Many photographers started using digital photography only when they needed pictures for online auctions and sales. In fact, sales pictures are still a major reason why people use digital cameras. Luckily, shooting pictures to help you sell items is not difficult, but you should keep a few things in mind.
First, your picture should clearly show the item. Although this sounds too obvious to mention, it’s not. Many people upload blurry, dark images that make viewers squint at their screens and scratch their heads. Maybe the photographer thought, “Close enough!” However, potential buyers are likely to move on to something that they can see and don’t have to imagine.
For example, if a bookshelf has drawers, open one slightly so people will realize that they are not mere decorations. If you’re shooting a porcelain sugar bowl, be sure that the shape, pattern, and lid are clearly visible. If you’re selling a cup, show the handle and shape; if your product is a book, slant it so that buyers can see both spine and cover.
Here's something we've never tried before here at Photodoto.com: a tutorial screencast. This screencast shows a fast, fun, and easy way to convert any photo into an illustration. Please let us know if you had any problems viewing it. Also, leave a comment if you like the screencast format and would like to see more posts like this one. Thanks for watching!
On September 25 of this year, the Metropolitan Museum of Art in New York City will inaugurate a new gallery, the Joyce and Robert Menschel Hall for Modern Photography. This marks the museum's first gallery for contemporary photography. With 2,000 feet of space, the hall will be able to show large pieces, some of which the museum has not yet exhibited. According to a recent news release, the first exhibit will be called Depth of Field:Contemporary Photography at the Metropolitan. It will feature photographs that the museum has collected over the past few decades. The museum plans to change exhibits twice yearly.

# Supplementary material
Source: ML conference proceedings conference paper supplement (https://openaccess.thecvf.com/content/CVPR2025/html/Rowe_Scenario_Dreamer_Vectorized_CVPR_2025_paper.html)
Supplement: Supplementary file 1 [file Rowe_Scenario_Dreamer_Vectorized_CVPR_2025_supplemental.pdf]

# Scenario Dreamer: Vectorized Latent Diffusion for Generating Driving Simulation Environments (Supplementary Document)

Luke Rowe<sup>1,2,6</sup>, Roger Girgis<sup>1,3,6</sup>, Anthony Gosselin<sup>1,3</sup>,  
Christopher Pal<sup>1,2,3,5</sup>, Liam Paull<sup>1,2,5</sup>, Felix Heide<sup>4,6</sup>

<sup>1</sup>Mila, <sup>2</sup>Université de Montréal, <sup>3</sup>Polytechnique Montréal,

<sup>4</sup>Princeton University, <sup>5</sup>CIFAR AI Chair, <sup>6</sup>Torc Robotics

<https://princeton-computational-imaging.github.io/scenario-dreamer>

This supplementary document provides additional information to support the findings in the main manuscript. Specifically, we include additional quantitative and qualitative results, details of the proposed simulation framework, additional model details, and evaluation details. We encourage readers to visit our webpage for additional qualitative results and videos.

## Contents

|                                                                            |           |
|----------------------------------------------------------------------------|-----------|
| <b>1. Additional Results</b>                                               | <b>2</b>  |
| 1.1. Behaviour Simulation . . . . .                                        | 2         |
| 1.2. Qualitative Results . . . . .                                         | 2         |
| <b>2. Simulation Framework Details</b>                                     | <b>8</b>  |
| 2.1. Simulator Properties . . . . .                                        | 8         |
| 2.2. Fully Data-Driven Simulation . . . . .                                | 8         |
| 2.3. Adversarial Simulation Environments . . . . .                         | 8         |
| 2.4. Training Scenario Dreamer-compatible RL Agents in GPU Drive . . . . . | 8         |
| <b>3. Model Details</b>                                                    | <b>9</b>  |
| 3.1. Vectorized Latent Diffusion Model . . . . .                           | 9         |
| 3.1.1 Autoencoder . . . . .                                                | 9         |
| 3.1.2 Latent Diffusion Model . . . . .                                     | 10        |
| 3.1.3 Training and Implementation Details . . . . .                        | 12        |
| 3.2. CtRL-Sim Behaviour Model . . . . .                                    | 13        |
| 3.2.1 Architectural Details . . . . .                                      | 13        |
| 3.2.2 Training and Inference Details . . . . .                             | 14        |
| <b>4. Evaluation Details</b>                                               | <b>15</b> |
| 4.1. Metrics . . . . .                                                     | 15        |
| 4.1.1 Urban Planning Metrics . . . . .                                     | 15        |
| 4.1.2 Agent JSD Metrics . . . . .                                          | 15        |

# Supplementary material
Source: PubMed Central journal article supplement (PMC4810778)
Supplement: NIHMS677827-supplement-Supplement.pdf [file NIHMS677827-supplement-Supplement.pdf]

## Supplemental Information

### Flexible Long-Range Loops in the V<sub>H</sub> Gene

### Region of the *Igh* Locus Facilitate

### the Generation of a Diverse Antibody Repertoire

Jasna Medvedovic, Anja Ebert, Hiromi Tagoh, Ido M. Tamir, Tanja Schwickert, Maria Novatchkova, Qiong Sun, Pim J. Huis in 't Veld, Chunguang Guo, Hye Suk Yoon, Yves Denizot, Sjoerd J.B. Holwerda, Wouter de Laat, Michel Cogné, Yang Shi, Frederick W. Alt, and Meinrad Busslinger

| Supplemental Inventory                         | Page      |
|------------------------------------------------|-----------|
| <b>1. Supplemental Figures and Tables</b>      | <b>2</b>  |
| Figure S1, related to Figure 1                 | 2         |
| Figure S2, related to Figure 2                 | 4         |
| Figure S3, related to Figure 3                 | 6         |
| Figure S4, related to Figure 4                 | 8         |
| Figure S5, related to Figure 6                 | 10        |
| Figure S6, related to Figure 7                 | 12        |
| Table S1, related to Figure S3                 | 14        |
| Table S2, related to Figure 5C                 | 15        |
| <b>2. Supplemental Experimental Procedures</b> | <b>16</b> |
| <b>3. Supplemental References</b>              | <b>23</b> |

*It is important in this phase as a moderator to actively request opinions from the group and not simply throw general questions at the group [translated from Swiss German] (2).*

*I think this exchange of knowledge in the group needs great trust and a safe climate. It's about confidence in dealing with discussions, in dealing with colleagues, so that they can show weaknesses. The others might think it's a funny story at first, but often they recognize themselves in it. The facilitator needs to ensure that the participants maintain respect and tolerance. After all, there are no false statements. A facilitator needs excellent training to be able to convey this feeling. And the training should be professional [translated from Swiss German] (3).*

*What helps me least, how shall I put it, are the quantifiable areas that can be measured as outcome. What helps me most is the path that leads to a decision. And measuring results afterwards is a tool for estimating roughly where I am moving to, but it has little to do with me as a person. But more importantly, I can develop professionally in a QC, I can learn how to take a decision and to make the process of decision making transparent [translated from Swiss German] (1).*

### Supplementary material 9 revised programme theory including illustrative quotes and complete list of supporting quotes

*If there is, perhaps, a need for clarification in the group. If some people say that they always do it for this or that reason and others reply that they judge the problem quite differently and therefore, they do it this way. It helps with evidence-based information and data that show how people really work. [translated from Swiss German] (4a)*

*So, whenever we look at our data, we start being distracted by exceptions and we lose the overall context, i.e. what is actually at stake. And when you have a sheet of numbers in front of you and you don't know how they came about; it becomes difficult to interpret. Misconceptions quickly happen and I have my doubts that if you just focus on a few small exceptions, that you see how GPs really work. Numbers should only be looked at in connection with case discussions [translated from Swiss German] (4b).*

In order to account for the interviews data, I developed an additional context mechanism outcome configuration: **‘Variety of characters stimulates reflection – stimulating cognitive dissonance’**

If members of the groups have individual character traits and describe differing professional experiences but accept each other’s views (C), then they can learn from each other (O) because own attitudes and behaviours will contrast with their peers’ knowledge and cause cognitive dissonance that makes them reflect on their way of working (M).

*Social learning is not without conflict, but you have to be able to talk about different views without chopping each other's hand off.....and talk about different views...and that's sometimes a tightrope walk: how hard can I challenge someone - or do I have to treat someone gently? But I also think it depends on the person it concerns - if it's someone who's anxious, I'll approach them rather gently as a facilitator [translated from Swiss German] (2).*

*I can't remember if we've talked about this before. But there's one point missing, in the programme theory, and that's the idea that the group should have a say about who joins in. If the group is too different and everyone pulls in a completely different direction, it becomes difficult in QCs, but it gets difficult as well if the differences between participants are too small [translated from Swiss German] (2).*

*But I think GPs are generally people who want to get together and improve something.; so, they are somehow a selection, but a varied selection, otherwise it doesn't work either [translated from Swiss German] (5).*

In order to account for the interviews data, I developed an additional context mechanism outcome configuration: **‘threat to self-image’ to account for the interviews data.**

Until August 2, Calumet is offering a 2 for 1 deal on Sandisk 2 GB Ultra II cards (Compact Flash and SD versions). Buy one for $35, get one free. That's the same price everyone else is charging for just one. It's a great deal. Get a set before they run out.
Photographers know that the best light of the day usually happens at sunrise and sunset. I'm happy to announce the availability of a helpful utility that lets you use a map to find your location on the Earth and then instantly creates a table of sunset and sunrise times and moon phases.
Choose one of the dozens of pre-set locations or create your own custom location (with precision right down to the street level, if you like). The last location you selected on the map is automatically restored the next time you visit the page making it extremely easy to get up-to-date information.
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